Book Reviews, September 1952, September 1952

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“Rallies and Races,” by William Leonard (Foulis, 7, Milford Lane, W.C.2, 191 pp., 18s. 6d.)

This is the English translation by W. Walther of William Leonard’s book about the rally and race exploits of the well-known driver Maurice Gatsonides, which was published in Holland in 1950. Commencing with those legendary pre-war Monte Carlo Rallies (1936-1939), it continues with accounts of Gatsonides’ adventures in various Rome-Liege-Rome trials, Alpine Rallies, the 1947 Lisbon Rally, besides various sports-car races at Zandvoort, Leeuwarden and Le Mans.

The author’s style is “racy,” avoiding extreme technicalities. Gatsonides drove Hillman Minx, Riley Kestrel Sprite, Ford, Studebaker Champion, Opel, Humber Super Snipe, Sunbeam-Talbot, Aero-Minor, besides 1½- and 4-litre cars of his own construction. It is his adventures and experiences with these cars which Leonard describes, and anyone who competed in the same events or contemplates doing so in the future will value this account of rallies and races, well known to us, seen from the “foreigner’s” angle. The book is produced and illustrated in the high-class style for which Foulis are noted.—W. B.

“1952 Mobilgas Economy Run” (Floyd Clymer, 1268 S. Alvarado St., Los Angeles. 63 pp. 1.50 dollars.)

This is yet another of those vastly comprehensive Clymer paper-cover books telling the reader all, and probably far more than he or she can possibly wish to know, about the event from which the title is derived. There are scores of clear illustrations. With interest growing in this country in fuel-economy contests this book comes into sharp focus.

“Floyd Clymer’s Catalog of 1952 Automobiles” (80 pp. 2 dollars.)

This is a pretty breath-taking publication, both in respect of the pin-up girls whom American P.R.O.s set up round their firm’s automobiles (most attractive, those of Nash, the car that sleeps three) and the amount of detail given in respect of the automobiles themselves, of which all the U.S. makes are there (and almost all versions illustrated) including Allstate, Le Sabre, Buick XP-300, Cunningham, Muntz and King Midget.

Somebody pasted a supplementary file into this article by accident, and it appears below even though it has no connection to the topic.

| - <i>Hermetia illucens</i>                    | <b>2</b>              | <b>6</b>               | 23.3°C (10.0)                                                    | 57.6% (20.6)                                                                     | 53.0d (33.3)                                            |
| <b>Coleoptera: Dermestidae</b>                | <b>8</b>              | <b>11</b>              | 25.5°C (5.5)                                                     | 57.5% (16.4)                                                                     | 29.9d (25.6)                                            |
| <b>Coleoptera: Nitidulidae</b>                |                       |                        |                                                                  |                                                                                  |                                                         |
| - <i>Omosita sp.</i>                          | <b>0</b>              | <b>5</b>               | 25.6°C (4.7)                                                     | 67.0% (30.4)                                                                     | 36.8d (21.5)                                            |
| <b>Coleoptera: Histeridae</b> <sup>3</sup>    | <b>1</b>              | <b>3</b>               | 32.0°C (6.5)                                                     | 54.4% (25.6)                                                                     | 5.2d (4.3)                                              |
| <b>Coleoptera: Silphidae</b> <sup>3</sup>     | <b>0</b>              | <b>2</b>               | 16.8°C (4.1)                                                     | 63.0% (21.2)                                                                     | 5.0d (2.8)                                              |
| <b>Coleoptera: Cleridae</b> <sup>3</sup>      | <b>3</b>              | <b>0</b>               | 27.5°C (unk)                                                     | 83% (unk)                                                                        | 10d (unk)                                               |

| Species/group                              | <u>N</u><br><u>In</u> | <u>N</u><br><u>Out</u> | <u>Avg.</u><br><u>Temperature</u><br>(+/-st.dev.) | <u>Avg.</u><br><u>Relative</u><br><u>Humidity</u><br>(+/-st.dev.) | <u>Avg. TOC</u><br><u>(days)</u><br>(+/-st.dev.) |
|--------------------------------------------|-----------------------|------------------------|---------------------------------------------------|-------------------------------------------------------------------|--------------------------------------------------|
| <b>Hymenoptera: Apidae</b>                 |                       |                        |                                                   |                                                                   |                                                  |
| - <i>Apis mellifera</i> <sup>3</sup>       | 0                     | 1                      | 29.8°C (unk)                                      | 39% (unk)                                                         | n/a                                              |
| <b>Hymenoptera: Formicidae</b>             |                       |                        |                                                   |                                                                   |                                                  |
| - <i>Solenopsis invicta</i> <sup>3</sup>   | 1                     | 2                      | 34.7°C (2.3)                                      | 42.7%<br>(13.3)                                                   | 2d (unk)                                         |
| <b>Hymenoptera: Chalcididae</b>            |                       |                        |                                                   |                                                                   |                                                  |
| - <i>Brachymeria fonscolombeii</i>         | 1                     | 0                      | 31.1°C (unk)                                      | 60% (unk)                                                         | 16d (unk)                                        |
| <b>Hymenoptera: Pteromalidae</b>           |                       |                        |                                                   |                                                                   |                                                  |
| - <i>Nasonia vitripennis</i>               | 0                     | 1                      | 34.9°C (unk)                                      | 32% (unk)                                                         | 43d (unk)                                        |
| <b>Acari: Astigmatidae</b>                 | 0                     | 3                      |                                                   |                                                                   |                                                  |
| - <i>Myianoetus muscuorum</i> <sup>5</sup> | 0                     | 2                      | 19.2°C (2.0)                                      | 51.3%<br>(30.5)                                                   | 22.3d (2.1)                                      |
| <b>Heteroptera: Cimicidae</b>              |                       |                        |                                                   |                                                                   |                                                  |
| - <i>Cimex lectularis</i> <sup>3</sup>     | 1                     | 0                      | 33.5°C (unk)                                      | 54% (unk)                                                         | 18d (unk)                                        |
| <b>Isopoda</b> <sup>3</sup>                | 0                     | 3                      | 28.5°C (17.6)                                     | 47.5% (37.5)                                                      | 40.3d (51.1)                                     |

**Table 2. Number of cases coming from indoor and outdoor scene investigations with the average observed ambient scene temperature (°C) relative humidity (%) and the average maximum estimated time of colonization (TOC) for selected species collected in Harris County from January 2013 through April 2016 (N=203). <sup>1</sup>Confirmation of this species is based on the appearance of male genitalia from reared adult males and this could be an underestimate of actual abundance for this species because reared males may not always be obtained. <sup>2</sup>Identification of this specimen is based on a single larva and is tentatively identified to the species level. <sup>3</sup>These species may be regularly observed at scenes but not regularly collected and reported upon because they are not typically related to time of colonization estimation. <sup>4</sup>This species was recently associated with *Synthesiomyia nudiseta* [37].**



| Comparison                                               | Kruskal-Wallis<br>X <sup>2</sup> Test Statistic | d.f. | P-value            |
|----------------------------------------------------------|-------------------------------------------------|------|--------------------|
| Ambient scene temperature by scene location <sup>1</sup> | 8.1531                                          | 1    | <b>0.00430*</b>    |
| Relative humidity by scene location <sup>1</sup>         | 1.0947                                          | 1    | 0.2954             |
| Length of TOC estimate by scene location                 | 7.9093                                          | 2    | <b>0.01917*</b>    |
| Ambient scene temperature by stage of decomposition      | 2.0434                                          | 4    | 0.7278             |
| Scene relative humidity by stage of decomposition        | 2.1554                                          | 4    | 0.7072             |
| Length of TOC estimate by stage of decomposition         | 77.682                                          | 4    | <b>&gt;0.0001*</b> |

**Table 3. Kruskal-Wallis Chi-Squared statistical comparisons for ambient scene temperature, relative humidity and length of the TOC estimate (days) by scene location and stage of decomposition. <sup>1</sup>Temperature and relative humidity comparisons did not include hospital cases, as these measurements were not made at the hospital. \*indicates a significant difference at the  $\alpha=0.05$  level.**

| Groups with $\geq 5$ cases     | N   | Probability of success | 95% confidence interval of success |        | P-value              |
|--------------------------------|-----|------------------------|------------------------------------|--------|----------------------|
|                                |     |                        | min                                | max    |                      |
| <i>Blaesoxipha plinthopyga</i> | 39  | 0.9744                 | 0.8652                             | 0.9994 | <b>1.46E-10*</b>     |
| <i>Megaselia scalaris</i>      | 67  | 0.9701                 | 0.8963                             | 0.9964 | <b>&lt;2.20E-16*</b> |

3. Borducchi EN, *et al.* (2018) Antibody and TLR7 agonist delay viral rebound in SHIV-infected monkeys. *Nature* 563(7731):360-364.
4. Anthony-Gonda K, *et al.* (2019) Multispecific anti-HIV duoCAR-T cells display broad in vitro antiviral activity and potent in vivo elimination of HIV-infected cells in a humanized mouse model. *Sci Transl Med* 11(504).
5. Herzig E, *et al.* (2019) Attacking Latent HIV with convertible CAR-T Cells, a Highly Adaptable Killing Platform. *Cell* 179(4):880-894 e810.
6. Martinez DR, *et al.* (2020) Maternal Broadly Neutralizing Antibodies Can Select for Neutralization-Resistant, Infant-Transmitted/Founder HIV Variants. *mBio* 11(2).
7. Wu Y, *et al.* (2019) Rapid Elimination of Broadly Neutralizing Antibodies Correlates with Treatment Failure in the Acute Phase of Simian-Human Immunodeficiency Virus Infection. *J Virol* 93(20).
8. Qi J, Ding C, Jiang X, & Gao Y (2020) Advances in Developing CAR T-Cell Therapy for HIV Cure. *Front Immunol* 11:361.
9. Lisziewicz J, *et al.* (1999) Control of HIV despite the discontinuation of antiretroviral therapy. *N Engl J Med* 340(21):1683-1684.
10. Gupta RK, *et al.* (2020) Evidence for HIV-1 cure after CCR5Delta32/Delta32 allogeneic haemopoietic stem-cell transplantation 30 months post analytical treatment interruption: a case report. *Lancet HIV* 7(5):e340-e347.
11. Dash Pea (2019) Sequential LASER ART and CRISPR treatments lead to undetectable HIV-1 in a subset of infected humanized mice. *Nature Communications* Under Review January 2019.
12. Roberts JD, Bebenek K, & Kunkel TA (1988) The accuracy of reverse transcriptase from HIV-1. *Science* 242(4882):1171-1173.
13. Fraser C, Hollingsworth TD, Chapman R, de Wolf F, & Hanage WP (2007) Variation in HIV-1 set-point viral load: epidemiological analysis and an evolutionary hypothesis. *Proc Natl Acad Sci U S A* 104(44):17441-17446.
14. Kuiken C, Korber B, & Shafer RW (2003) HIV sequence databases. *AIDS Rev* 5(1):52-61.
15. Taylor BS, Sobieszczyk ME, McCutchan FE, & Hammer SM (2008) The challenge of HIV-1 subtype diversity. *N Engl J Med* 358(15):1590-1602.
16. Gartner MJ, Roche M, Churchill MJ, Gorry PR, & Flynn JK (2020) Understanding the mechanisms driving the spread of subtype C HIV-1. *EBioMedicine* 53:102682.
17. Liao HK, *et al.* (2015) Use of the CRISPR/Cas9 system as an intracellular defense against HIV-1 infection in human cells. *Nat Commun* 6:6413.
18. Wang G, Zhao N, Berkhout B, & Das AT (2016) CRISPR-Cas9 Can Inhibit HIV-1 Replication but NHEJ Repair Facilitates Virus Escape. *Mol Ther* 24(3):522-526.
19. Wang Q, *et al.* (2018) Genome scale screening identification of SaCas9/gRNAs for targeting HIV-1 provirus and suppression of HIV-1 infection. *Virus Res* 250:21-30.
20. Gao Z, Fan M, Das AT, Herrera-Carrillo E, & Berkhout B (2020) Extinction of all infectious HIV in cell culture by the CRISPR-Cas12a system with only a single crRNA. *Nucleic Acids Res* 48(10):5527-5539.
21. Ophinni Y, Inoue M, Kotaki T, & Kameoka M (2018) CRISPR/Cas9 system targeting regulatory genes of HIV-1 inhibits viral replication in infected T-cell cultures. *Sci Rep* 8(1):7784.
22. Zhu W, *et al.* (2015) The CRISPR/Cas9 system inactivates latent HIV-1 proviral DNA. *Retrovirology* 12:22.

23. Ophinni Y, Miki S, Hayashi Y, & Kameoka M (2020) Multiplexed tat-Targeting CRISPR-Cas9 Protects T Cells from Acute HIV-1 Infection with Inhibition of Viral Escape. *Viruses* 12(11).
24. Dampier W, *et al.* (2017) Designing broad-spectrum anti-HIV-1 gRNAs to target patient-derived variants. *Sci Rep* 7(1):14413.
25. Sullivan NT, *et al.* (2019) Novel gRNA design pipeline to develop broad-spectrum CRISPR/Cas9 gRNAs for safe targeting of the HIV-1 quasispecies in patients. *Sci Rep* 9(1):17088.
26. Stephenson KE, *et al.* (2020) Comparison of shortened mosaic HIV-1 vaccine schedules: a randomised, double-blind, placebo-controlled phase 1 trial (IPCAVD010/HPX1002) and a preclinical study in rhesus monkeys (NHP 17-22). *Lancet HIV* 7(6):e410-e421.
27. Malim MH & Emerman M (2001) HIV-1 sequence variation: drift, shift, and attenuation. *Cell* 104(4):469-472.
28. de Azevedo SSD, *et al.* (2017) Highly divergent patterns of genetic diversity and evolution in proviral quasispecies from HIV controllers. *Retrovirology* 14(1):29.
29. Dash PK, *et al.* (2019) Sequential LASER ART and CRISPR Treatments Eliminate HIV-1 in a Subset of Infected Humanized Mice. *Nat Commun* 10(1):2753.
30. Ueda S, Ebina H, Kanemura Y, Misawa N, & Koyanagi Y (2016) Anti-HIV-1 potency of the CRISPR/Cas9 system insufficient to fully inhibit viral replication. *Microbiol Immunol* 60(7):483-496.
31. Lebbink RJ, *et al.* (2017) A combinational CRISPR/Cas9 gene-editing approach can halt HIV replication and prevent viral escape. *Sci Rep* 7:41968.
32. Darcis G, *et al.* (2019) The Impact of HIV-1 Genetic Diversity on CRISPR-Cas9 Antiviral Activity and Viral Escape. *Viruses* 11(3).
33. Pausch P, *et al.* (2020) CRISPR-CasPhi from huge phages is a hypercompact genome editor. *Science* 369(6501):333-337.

The amount of technical data is stupendous; dimensions all ways, valve lift, size, seat angle and timing, pressure of valve springs, tappet settings, piston ring dimensions, bearing sizes, rocker ratios the whole design and servicing gambit, so that our “Buyer’s Guides” are pretty poor things in comparison.

Of course, the contents might be briefly disposed of as a “vomit volume,” that is if you have vintage leanings, in which case after a flip through the pages you will never wish to own anything built this side of 1931, from the States or elsewhere. But the lines of modern Americans can be conveniently studied in this book— one aspect becomes obvious—the American designer is troubled by where to stow the spare wheel and in at least three instances (Kaiser, Nash, Packard) it sticks up to mar the curves of the complete automobile. A very useful reference work, this.—W. B.

“Continental Sports Cars” by W. Boddy (Foulis, 7, Milford Lane, W.C.2. 2nd. edition. 136 pp. 12/6d.)

This book sets out to provide histories and details of the outstanding technical features of Continental sports cars. The new edition is right up to the minute with descriptions of the 300SL Mercedes-Benz, 4.1 Ferrari, V8 Fiat and Z102 Pegaso, etc. In addition, many famous vintage cars are covered, and the author not only goes to considerable pains to make clear the detail variations between different series, such as the 5th, 6th, 7th and 8th series Lancia Lambdas for example, but in several instances includes servicing data. In all, 73 different marques are covered, ranging alphabetically from Adler to Voisin; under “Bugatti” will be found a full list of types, from Type 13 to Type 102, with notes of their distinguishing features. Another useful reference work, and inexpensive at that.

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